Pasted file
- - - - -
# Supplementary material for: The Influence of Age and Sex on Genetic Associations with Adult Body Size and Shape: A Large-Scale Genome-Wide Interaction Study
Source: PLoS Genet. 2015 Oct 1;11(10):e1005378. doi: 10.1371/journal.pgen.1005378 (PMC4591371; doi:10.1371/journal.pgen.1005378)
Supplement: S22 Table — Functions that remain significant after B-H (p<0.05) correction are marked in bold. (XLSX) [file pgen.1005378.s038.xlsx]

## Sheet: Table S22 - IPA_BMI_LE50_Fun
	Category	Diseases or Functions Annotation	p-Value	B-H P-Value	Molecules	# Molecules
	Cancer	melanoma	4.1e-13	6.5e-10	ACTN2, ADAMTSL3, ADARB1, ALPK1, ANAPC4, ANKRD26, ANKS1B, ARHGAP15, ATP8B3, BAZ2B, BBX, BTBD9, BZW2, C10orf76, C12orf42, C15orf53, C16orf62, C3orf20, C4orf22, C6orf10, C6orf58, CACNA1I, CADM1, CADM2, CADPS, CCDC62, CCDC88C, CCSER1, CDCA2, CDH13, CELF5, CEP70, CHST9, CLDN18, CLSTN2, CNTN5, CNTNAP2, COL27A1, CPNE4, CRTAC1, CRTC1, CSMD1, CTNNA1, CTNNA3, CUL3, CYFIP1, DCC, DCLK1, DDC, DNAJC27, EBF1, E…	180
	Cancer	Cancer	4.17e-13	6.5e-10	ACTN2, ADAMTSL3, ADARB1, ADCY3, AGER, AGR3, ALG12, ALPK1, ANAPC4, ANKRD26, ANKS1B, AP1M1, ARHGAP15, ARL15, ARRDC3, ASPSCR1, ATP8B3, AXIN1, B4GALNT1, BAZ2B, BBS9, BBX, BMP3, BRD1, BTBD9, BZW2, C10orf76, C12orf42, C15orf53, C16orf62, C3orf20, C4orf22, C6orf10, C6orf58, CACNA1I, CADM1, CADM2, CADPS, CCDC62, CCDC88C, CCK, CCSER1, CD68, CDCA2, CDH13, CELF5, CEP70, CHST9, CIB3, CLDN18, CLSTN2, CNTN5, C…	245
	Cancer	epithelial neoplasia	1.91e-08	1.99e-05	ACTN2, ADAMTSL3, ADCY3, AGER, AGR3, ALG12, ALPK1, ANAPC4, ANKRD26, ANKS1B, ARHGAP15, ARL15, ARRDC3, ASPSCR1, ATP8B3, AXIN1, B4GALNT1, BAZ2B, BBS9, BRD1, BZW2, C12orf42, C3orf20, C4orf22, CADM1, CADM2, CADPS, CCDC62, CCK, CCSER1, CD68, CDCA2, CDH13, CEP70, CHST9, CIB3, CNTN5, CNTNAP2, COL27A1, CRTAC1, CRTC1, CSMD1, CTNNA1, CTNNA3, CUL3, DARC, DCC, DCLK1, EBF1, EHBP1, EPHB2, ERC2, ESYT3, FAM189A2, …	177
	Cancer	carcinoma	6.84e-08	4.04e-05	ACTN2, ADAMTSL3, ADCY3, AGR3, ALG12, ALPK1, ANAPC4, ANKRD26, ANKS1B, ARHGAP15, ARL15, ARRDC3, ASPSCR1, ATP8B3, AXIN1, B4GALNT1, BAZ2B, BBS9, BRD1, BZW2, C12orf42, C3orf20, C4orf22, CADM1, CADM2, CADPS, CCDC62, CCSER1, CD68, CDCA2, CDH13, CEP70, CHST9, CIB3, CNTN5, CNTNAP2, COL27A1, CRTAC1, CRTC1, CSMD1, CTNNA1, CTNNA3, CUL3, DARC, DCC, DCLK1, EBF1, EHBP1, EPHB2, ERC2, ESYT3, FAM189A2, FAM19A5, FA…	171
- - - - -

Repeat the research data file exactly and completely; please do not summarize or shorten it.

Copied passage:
# Supplementary material for: The Influence of Age and Sex on Genetic Associations with Adult Body Size and Shape: A Large-Scale Genome-Wide Interaction Study
Source: PLoS Genet. 2015 Oct 1;11(10):e1005378. doi: 10.1371/journal.pgen.1005378 (PMC4591371; doi:10.1371/journal.pgen.1005378)
Supplement: S22 Table — Functions that remain significant after B-H (p<0.05) correction are marked in bold. (XLSX) [file pgen.1005378.s038.xlsx]

## Sheet: Table S22 - IPA_BMI_LE50_Fun
	Category	Diseases or Functions Annotation	p-Value	B-H P-Value	Molecules	# Molecules
	Cancer	melanoma	4.1e-13	6.5e-10	ACTN2, ADAMTSL3, ADARB1, ALPK1, ANAPC4, ANKRD26, ANKS1B, ARHGAP15, ATP8B3, BAZ2B, BBX, BTBD9, BZW2, C10orf76, C12orf42, C15orf53, C16orf62, C3orf20, C4orf22, C6orf10, C6orf58, CACNA1I, CADM1, CADM2, CADPS, CCDC62, CCDC88C, CCSER1, CDCA2, CDH13, CELF5, CEP70, CHST9, CLDN18, CLSTN2, CNTN5, CNTNAP2, COL27A1, CPNE4, CRTAC1, CRTC1, CSMD1, CTNNA1, CTNNA3, CUL3, CYFIP1, DCC, DCLK1, DDC, DNAJC27, EBF1, E…	180
	Cancer	Cancer	4.17e-13	6.5e-10	ACTN2, ADAMTSL3, ADARB1, ADCY3, AGER, AGR3, ALG12, ALPK1, ANAPC4, ANKRD26, ANKS1B, AP1M1, ARHGAP15, ARL15, ARRDC3, ASPSCR1, ATP8B3, AXIN1, B4GALNT1, BAZ2B, BBS9, BBX, BMP3, BRD1, BTBD9, BZW2, C10orf76, C12orf42, C15orf53, C16orf62, C3orf20, C4orf22, C6orf10, C6orf58, CACNA1I, CADM1, CADM2, CADPS, CCDC62, CCDC88C, CCK, CCSER1, CD68, CDCA2, CDH13, CELF5, CEP70, CHST9, CIB3, CLDN18, CLSTN2, CNTN5, C…	245
	Cancer	epithelial neoplasia	1.91e-08	1.99e-05	ACTN2, ADAMTSL3, ADCY3, AGER, AGR3, ALG12, ALPK1, ANAPC4, ANKRD26, ANKS1B, ARHGAP15, ARL15, ARRDC3, ASPSCR1, ATP8B3, AXIN1, B4GALNT1, BAZ2B, BBS9, BRD1, BZW2, C12orf42, C3orf20, C4orf22, CADM1, CADM2, CADPS, CCDC62, CCK, CCSER1, CD68, CDCA2, CDH13, CEP70, CHST9, CIB3, CNTN5, CNTNAP2, COL27A1, CRTAC1, CRTC1, CSMD1, CTNNA1, CTNNA3, CUL3, DARC, DCC, DCLK1, EBF1, EHBP1, EPHB2, ERC2, ESYT3, FAM189A2, …	177
	Cancer	carcinoma	6.84e-08	4.04e-05	ACTN2, ADAMTSL3, ADCY3, AGR3, ALG12, ALPK1, ANAPC4, ANKRD26, ANKS1B, ARHGAP15, ARL15, ARRDC3, ASPSCR1, ATP8B3, AXIN1, B4GALNT1, BAZ2B, BBS9, BRD1, BZW2, C12orf42, C3orf20, C4orf22, CADM1, CADM2, CADPS, CCDC62, CCSER1, CD68, CDCA2, CDH13, CEP70, CHST9, CIB3, CNTN5, CNTNAP2, COL27A1, CRTAC1, CRTC1, CSMD1, CTNNA1, CTNNA3, CUL3, DARC, DCC, DCLK1, EBF1, EHBP1, EPHB2, ERC2, ESYT3, FAM189A2, FAM19A5, FA…	171